WASHINGTON — Huge surges among Hispanic populations in the Deep South could mean a political sea change over the next two decades, as immigrants become naturalized and they and their American-born children register to vote, political and demographics experts say.
The states with some of the largest percentages in Hispanic population growth make up a large swath of the Southeast: Alabama, Arkansas, Kentucky, Mississippi, North Carolina, South Carolina and Tennessee, according to an analysis of the most recent census figures by the Pew Hispanic Center.
In all those Republican-dominated states, the percentage of Hispanics nearly doubled.
In Georgia, that population grew by 96 percent over the past decade, according to the Pew study. Only 23 percent of Georgia's Latino population is eligible to vote, compared with 42 percent nationwide, figures that reflect the state's high numbers of young Hispanics and new immigrants, said Mark Hugo Lopez, the associate director of the Pew Hispanic Center.
However, in Georgia, as in many parts of the country, "there are a number of campaigns to continue to focus on people who are here legally to become citizens," Lopez said. "There continue to be efforts to get them naturalized and registered to vote."
Latino elected officials and activists predict that anti-immigration laws and concerns about redistricting will galvanize that group to become politically active, in much the same way that the civil rights movement spurred African-Americans in the South to register to vote and run for public office.
When a group of political kingmakers in Columbus, Ga., first approached Evelyn "Mimi" Woodson more than a decade ago about running for the city council, the tennis-shoes-and-blue-jeans-wearing former candy store owner turned grass-roots activist scoffed.
She ran. She won. She made history.
"It was a big challenge at first," said Woodson, who was the first Latina in Georgia elected to a city council. "When I would bring up a Latino issue, I would get criticized for focusing on Latino issues. I told them I represent all the people, doesn't matter if you're black or white."
Woodson said she thought her election foreshadowed things to come.
"The Latino population is still in play politically," said Andra Gillespie, a political science assistant professor at Emory University in Atlanta. "With the secular realignment of whites in the South to the Republican Party, Democrats could be at an advantage. Now that there is a third racial group entering the fray, you'll see both groups vying for this group."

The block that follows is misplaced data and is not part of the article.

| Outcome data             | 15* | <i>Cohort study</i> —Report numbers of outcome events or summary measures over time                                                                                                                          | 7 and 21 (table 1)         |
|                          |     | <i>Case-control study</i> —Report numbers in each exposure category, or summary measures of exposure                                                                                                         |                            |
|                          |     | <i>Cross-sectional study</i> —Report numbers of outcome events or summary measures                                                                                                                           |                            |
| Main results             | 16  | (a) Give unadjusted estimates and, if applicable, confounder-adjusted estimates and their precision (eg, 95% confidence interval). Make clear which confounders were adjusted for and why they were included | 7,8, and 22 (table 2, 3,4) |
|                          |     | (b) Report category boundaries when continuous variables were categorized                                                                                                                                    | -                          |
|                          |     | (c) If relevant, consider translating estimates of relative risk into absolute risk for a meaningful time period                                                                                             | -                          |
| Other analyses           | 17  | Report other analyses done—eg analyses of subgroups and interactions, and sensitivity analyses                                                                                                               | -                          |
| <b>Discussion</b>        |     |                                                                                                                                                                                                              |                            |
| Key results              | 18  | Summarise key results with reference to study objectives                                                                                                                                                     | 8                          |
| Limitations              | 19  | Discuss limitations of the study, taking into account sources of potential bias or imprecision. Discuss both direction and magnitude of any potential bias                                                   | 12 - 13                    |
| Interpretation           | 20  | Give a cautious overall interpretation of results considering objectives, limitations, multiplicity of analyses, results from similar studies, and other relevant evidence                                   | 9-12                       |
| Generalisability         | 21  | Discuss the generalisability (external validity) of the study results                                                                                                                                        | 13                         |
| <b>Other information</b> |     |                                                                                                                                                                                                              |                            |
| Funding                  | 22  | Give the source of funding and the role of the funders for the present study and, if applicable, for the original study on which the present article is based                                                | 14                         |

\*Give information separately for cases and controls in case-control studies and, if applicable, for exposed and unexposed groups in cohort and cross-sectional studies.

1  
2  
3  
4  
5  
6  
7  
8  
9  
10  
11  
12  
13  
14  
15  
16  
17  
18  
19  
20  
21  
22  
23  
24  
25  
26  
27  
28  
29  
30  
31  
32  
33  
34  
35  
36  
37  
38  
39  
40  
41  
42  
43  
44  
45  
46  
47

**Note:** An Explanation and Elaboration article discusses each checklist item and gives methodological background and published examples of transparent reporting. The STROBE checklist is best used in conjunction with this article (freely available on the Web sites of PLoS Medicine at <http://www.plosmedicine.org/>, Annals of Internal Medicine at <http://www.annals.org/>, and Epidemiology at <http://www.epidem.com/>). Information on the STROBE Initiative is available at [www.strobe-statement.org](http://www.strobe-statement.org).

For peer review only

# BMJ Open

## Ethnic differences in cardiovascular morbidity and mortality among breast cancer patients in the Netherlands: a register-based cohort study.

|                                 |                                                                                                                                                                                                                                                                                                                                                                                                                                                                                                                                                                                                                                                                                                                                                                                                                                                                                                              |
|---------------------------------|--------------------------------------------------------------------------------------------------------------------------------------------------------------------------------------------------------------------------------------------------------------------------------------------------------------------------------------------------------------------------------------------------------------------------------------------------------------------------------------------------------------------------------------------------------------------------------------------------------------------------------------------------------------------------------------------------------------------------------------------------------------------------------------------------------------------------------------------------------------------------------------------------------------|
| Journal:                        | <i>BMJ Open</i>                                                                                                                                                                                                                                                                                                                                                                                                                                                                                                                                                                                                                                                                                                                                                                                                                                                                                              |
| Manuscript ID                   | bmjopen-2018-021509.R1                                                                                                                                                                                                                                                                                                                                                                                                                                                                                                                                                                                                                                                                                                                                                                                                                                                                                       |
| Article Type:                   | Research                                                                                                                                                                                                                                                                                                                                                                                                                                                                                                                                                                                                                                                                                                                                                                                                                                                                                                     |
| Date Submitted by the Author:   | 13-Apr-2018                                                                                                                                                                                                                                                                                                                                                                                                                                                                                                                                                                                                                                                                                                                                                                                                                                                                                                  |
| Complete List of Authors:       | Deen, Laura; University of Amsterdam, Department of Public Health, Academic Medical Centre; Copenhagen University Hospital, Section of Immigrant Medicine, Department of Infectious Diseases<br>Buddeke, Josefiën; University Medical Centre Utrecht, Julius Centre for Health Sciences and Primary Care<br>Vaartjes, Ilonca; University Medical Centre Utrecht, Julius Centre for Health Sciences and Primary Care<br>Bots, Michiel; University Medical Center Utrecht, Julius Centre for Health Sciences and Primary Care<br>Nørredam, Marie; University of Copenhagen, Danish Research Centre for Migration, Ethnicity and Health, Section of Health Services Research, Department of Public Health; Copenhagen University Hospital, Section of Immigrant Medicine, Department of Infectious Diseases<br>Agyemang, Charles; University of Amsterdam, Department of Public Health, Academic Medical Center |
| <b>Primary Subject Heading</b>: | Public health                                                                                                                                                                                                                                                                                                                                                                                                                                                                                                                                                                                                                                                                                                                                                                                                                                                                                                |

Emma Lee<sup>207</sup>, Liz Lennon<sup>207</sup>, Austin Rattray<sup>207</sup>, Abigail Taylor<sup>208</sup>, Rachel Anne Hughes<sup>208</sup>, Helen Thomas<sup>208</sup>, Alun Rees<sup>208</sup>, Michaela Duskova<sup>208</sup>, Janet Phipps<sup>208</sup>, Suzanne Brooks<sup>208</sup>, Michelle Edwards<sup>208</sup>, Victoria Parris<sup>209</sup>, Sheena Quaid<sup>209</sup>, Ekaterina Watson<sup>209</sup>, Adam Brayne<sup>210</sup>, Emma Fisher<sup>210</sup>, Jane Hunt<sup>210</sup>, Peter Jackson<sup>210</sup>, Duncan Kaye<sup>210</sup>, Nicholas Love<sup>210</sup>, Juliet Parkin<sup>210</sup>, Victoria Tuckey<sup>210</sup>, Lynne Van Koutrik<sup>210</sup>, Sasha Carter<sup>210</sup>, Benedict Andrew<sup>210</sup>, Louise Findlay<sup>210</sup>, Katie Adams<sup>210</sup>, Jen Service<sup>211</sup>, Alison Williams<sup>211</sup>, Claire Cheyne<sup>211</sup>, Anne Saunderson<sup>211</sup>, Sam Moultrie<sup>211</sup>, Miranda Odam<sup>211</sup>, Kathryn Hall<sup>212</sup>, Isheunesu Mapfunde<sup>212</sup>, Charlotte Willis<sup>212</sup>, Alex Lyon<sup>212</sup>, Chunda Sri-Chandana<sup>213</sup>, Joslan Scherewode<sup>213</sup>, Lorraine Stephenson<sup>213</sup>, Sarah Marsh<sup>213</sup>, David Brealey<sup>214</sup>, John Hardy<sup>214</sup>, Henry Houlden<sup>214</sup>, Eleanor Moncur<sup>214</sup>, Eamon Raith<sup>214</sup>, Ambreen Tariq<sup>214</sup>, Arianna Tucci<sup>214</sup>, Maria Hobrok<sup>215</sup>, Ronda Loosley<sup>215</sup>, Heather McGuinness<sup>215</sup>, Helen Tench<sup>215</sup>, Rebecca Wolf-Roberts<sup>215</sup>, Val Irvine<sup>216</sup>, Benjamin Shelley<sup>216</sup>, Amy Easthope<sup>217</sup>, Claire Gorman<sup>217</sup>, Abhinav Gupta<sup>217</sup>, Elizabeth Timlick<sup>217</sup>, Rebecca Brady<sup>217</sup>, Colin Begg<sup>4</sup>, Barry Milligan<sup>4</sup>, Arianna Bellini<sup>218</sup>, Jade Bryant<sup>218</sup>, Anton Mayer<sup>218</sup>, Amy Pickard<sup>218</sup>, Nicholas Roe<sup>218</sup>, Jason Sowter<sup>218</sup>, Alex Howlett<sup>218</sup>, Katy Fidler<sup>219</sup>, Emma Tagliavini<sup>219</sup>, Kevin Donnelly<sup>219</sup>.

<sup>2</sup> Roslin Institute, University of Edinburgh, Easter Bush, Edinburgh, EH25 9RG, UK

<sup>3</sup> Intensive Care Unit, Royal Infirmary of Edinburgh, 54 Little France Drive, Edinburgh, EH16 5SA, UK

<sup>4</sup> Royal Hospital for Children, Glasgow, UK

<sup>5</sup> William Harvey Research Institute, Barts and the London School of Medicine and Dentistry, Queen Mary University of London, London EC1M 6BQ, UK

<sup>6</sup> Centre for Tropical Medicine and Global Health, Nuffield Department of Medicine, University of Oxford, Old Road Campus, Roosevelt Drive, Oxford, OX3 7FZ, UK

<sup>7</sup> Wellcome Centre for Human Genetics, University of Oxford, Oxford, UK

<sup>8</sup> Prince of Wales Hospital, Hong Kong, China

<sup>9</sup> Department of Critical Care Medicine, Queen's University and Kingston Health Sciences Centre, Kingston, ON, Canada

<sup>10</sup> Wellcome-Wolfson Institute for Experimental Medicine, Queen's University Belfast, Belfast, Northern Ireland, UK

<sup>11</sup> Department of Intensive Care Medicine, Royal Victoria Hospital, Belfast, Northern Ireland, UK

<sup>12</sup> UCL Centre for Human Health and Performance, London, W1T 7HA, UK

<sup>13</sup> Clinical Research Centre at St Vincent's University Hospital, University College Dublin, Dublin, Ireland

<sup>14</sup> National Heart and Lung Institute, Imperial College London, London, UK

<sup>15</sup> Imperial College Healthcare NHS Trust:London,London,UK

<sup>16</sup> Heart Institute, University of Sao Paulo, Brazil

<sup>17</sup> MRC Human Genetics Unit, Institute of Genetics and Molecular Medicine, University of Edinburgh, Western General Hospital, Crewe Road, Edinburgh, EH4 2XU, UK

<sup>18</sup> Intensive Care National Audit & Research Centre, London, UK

However, no group votes monolithically, and both political parties have work to do.
Despite the inroads Republicans were able to make within the Latino community under both Bush presidencies, Hispanics — who can be of any race — have felt increasingly put off by some Republicans' anti-immigration rhetoric.
The Georgia legislature recently passed an immigration bill that contains language on verifying the citizenship of new hires and criminals that's very similar to an Arizona law being challenged in court.
"The calculation among many Republicans in the South is that they can get away with it, for now," said Frank Sharry, the executive director of America's Voice Education Fund, a Washington-based immigration advocacy group. "The Latino vote is going to transform American politics, even in the South. Imagine coalitions of Latinos, African-Americans and liberal whites turning states that are now ruby red into states that are purple or even blue. If Republicans continue to antagonize Latino voters, they may be facing their comeuppance."
Hispanic voters are nearly three times more prevalent in states that gained congressional seats and Electoral College votes in the 2010 reapportionment than they are in states that lost seats, according to an analysis of census data by the Pew Hispanic Center. Based on averages reflecting congressional gains and losses, 15.2 percent of the eligible voter population in states that gained seats is Hispanic, compared with 5.4 percent of eligible voters in those states that lost seats, the study showed.
Georgia gained a seat, as did South Carolina. Florida gained two seats and Texas gained four.
Republicans could take advantage of Hispanics' disappointment in Democrats for failing to pass a comprehensive immigration overhaul or even smaller efforts such as the DREAM Act, which would give the children of illegal immigrants a path to citizenship.
But by continuing to push anti-immigration measures, Republicans may miss an opportunity to connect with Hispanic voters, said Gillespie, of Emory University.
"Republicans can't assume because Latinos are socially conservative and increasingly evangelical in their beliefs that they'll vote with them. You're waking a sleeping giant by espousing policies that are perceived to be threatening in the way they are framed," Gillespie said. "Democrats can't rest on their laurels, either. This is a group that has been under-mobilized."
Opportunities for that type of mobilization are "ripe for the picking" in the 2012 election cycle, Gillespie said.
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